(vi) To ensure timely submission of periodical reports/returns by IFC to DARPG.

(D) Supervising

The Contact Officer will perform the following functions in the capacity of the

supervising officer:-


Keeping track of complaints/grievances,


To scrutinize the visitor register every week.


To analyze the suggestions/feedback received through the suggestion box or visitors register and initiate corrective action.


To conduct surprise/periodical visits at the counter to see the mannerism and behaviour of the personnel manning IFC.


To ensure that the telephone queries are being attended to with courtesy and their record is being maintained.


To see that the names and telephone No. of Director of Grievances and the Contact Officer are displayed prominently.


To arrange visits of the senior officers to the counter.


To arrange annual O&M inspection of the IFC.


To arrange for wide and regular publicity of the IFC in media.


Handbook on Citizen’s Charters


7.1 Prerequisites for making the Citizen’s Charters a success:-

A Sense of urgency.

Owning of the Charter by the Head of the Department and the entire staff.

A committee headed by the Chief Minister to oversee the implementation and progress of the Citizen’s Charters.

Constant interaction with the stakeholders.

Motivating the staff and performance review of the staff based on the criteria outlined in the charter.

Taking corrective measures

Simplification of procedures and systems.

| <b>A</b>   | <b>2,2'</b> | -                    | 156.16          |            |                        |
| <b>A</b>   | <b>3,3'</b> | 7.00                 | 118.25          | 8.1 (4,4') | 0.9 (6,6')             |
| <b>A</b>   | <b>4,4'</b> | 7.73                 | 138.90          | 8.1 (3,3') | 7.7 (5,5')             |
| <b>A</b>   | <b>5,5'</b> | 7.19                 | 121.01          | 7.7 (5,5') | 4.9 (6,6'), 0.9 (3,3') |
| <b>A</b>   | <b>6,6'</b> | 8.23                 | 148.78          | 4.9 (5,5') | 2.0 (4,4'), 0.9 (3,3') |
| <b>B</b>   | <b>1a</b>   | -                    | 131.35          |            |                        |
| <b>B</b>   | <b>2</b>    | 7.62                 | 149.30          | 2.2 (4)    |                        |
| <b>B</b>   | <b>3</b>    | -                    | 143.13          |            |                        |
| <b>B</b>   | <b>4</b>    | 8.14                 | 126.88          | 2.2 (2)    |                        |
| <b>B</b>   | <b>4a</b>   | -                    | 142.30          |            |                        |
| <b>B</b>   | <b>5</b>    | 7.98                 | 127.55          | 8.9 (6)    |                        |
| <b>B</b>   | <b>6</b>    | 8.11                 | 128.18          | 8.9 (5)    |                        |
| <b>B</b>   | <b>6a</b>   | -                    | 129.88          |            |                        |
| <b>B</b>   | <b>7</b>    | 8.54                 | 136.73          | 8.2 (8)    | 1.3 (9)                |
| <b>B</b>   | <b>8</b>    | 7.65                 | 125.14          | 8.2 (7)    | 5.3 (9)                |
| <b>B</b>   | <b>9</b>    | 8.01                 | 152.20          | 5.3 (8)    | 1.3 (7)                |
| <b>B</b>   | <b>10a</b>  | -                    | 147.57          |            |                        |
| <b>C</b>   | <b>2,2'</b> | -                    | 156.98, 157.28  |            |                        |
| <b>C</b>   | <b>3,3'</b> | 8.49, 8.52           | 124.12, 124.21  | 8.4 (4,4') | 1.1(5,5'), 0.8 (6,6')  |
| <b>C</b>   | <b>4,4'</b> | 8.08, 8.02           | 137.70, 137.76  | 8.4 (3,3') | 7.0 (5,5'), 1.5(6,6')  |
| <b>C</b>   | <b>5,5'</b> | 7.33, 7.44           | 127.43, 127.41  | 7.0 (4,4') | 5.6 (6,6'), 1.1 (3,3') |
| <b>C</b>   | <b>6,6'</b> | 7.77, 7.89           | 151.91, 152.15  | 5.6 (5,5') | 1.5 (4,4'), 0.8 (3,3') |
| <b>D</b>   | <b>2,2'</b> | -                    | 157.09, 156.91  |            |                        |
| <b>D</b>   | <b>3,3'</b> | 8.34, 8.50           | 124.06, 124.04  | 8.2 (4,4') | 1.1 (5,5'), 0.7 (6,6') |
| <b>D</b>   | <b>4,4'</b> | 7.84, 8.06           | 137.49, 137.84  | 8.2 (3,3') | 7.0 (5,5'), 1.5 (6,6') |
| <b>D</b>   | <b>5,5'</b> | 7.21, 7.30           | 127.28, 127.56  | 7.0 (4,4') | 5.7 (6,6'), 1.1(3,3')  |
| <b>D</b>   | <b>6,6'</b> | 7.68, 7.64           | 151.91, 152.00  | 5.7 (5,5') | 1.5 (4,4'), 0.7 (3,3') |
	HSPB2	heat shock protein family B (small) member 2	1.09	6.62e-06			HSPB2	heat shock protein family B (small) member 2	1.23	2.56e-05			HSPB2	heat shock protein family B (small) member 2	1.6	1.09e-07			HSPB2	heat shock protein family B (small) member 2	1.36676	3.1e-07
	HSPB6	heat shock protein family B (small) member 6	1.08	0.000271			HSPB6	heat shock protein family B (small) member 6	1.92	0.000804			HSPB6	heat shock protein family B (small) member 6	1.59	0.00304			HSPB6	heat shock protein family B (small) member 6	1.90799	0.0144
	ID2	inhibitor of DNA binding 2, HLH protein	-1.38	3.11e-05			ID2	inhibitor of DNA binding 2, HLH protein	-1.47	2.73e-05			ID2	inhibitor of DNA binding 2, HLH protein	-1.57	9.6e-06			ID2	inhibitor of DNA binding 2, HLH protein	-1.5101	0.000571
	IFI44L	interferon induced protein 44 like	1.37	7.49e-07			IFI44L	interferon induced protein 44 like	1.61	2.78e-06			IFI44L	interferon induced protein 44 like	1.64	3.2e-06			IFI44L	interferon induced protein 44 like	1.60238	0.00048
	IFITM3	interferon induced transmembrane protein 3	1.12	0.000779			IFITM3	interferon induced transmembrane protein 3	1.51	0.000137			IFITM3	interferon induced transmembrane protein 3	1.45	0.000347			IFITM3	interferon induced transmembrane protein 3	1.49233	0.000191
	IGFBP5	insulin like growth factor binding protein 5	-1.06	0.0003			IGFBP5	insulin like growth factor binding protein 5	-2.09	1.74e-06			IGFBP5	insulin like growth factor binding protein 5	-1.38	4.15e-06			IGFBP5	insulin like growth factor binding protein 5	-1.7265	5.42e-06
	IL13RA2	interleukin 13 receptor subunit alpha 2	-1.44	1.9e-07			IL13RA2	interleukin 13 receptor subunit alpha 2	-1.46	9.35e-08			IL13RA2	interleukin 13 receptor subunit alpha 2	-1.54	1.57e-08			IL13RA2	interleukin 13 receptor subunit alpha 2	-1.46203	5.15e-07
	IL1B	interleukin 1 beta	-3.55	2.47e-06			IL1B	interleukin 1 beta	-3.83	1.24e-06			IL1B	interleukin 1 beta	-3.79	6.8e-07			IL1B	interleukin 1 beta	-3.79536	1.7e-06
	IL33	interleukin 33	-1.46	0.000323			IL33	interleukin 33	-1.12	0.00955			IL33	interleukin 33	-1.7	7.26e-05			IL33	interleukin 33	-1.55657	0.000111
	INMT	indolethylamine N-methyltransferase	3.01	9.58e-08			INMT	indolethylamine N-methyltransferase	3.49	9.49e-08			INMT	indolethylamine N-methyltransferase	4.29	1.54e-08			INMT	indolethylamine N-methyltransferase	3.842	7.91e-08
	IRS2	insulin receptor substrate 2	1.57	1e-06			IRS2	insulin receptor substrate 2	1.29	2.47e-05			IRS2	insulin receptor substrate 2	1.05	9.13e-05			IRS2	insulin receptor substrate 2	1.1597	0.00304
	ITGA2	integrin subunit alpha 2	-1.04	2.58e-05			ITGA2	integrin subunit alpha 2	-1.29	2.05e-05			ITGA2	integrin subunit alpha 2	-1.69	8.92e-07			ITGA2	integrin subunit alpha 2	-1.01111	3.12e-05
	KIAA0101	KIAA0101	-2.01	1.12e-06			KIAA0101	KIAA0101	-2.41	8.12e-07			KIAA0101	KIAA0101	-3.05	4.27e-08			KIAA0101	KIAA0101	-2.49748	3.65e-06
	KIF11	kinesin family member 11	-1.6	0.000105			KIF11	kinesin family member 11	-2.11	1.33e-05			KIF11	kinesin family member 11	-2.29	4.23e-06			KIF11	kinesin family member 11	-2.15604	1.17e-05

Reducing hierarchy, decentralization.

Citizen’s Charters should be seen as:-

A partnership between people and the Government.

Citizen’s Charter is not a concept, it is a programme of action.

They are a part of democratic reforms.

Citizen’s Charters give people orientation and customer focus

Citizen’s Charters are a pro-active approach to good governance









Citizen’s Charters.

The Key to Success

Creating guarantees and redress policies

Building service standards into your performance management system

Publicizing and comparing performance against the standards

Creating awards for meeting tough customer service standards

7.2 Lessons Learnt in Quality Assurance from Examples Worldwide

Involve customers in the creation of guarantees, standards, redress policies, complaint systems, and customer service agreements. If you won’t, then you won’t know what is important to the customer. It is prudent not to assume what the customer wants. Customer surveys are useful here, but face-to-face contact with customers is even more important. Customer councils and different types of customer voice tools can be used for this.

Educate customers about your services, so they will have realistic notions of what is possible and will understand their own responsibilities. Often services won’t work unless customers uphold their end of the deal. e.g., tax agencies can’t send speedy refunds if taxpayers don’t fill out their returns completely and accurately. Permit offices cannot process permits rapidly if developers hide information from them. In cases like these, add customer (or complier) responsibilities to the service standards and guarantees – and publicise the same.


Handbook on Citizen’s Charters